The second patient (patient E) was found to have a novel mutation L1165P in LRRK2. This patient presented with onset in middle age and had a long duration of illness (34 years). Although this patient had typical features of PD, he also became severely demented. The abundance of tau pathology in the hippocampal formation without SPs and concurrent dementia is consistent with a secondary diagnosis of tangle predominant senile dementia (also termed senile dementia with tangles). The relatively early onset of illness in this patient and the lack of this substitution in more than 366 control patients suggest that this mutation may be pathogenic. In addition, L1165 is highly conserved across multiple species (Fig. 1C) and the Leu to Pro substitution would be predicted to cause a dramatic structural change within the Leu-rich domain. However, since the function of this region in LRRK2 is unknown, the overall effect of this mutation is unclear, and it is uncertain if the atypical pathological features of this patient are directly associated with this amino acid substitution. Although, it is notable that severe neuropsychiatric symptoms also have been described in a subset of patients with the G2019S and I2020T mutations.45,46

Most patients with mutations in LRRK2 present with clinical PD and have typical LB pathology, but a subset of patients have diverse pathological findings. These differences cannot solely be explained by the nature of specific mutations since significant differences can be observed between patients with the same mutation. For example, while 17 of the 20 autopsied PD patients reported with the G2019S mutation have shown classical nigral degeneration with nigral LBs13, 23-25, three cases have presented pathological findings indicating concurrent Alzheimer disease.23,24 Two patients were shown to have nigral degeneration without Lewy pathology,23,26 and the third lacked Lewy pathology but presented with a tauopathy with features suggestive of supranuclear palsy and early Alzheimer disease-type pathology.28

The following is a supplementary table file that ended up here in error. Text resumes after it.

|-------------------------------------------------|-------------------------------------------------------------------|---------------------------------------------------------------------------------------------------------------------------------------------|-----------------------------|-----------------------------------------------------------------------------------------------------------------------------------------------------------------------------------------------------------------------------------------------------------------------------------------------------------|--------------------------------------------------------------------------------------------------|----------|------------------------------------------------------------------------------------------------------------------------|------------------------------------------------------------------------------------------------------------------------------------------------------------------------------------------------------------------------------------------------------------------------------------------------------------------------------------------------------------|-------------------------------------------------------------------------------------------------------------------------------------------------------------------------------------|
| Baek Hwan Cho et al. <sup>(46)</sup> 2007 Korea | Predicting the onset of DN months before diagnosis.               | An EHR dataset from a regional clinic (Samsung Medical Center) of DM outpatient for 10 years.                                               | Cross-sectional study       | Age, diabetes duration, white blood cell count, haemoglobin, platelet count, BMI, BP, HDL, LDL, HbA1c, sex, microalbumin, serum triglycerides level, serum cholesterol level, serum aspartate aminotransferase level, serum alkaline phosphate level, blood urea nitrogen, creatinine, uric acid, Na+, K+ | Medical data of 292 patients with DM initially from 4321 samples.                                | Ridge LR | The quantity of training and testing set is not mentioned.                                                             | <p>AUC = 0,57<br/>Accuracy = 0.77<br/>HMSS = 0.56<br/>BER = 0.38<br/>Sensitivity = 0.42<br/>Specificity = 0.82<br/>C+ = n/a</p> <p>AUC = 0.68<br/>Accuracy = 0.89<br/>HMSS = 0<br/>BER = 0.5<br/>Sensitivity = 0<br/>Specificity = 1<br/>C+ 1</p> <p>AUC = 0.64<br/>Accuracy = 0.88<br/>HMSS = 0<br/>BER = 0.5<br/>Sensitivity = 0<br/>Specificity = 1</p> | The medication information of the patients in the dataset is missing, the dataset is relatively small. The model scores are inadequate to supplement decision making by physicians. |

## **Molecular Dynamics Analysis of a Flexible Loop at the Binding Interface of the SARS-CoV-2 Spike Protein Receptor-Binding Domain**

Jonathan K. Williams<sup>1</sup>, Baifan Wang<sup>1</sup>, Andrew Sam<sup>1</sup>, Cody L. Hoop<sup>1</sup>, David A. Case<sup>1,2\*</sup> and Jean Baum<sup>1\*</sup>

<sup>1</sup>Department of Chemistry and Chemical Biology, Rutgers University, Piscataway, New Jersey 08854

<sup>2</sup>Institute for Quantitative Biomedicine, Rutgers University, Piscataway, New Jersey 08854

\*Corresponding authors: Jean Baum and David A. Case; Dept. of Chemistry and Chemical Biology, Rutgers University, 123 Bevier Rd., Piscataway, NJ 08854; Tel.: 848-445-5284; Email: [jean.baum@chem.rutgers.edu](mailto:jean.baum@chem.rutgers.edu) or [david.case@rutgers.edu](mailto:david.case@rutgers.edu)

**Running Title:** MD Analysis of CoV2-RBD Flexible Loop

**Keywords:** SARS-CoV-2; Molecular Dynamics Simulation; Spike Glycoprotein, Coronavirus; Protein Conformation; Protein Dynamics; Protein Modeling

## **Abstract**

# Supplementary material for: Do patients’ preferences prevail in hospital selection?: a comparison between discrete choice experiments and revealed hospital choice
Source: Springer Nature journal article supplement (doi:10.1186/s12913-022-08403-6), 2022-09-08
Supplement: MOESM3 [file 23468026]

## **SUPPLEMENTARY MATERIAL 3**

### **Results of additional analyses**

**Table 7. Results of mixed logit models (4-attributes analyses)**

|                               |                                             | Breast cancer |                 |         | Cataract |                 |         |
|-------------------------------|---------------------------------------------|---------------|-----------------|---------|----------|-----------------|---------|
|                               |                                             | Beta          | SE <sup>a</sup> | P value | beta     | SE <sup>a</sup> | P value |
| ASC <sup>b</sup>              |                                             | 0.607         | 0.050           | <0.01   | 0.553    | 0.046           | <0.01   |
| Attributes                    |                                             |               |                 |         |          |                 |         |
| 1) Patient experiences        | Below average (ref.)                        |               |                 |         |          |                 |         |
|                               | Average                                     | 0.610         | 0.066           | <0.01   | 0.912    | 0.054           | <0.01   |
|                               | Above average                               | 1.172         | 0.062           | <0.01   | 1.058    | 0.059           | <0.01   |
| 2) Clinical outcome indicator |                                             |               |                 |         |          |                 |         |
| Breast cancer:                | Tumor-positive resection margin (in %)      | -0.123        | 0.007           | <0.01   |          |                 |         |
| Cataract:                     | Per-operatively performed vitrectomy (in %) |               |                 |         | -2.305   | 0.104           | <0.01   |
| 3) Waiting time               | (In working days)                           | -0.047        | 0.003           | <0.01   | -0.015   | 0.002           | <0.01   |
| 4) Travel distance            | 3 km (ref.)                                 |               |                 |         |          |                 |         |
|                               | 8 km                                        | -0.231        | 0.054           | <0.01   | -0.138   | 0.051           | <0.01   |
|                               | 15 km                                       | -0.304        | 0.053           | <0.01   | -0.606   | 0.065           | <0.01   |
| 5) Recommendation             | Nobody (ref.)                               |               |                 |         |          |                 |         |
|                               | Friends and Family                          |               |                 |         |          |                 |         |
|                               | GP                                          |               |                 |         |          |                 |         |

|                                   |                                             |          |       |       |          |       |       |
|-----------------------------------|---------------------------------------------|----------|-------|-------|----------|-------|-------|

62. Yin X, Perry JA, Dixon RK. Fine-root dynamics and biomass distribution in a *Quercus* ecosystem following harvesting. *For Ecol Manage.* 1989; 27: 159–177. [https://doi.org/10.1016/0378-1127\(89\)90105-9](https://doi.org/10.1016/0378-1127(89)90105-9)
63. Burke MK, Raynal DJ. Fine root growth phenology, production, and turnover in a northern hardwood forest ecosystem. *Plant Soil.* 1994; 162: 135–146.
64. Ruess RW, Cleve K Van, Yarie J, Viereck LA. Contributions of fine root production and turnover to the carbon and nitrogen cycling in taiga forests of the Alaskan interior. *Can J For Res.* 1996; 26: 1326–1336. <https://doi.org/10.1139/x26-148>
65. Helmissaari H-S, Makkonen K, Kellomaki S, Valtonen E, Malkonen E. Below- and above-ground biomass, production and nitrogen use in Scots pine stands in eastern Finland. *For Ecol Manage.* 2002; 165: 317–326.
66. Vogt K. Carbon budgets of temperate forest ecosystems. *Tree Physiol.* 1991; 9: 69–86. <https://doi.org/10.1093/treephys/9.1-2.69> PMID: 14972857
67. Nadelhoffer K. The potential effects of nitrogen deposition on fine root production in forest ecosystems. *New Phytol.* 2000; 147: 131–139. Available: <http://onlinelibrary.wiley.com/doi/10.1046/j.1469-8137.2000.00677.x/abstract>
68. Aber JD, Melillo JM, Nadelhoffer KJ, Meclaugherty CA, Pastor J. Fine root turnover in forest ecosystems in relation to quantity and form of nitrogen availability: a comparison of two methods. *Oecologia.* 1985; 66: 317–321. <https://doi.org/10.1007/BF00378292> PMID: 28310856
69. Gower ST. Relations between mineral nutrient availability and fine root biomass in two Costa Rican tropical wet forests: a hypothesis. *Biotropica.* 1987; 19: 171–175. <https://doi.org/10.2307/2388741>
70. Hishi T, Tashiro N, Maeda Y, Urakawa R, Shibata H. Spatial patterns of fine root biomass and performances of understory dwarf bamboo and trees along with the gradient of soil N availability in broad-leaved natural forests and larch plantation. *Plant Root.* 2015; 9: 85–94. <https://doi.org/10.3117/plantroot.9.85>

Atypical clinical features associated with LRRK2 mutation were first observed in the Canadian family A with the Y1699C mutation where amyotrophy was observed in addition to parkinsonism in some patients.9 The autopsies of two individuals from this kindred demonstrate SN degeneration, a paucity of α-syn positive LB and LN pathology, and the presence of “ubiquitin-positive” cytoplasmic and nuclear inclusions.9 On the other hand, individuals from the Lincolnshire kindred that carry the same mutation had clinical PD and LB brain pathology.47 Diverse pathological findings have also been reported for the R1441C mutations carried within the Canadian family D. Autopsies of two of the documented cases present classical α-syn positive LB and LN pathology, but the third has tau pathology reminiscent of progressive supranuclear palsy. The fourth patient lacked Lewy pathology; however nonspecific loss of dopaminergic neurons with ubiquitin-positive inclusions were found.9, 29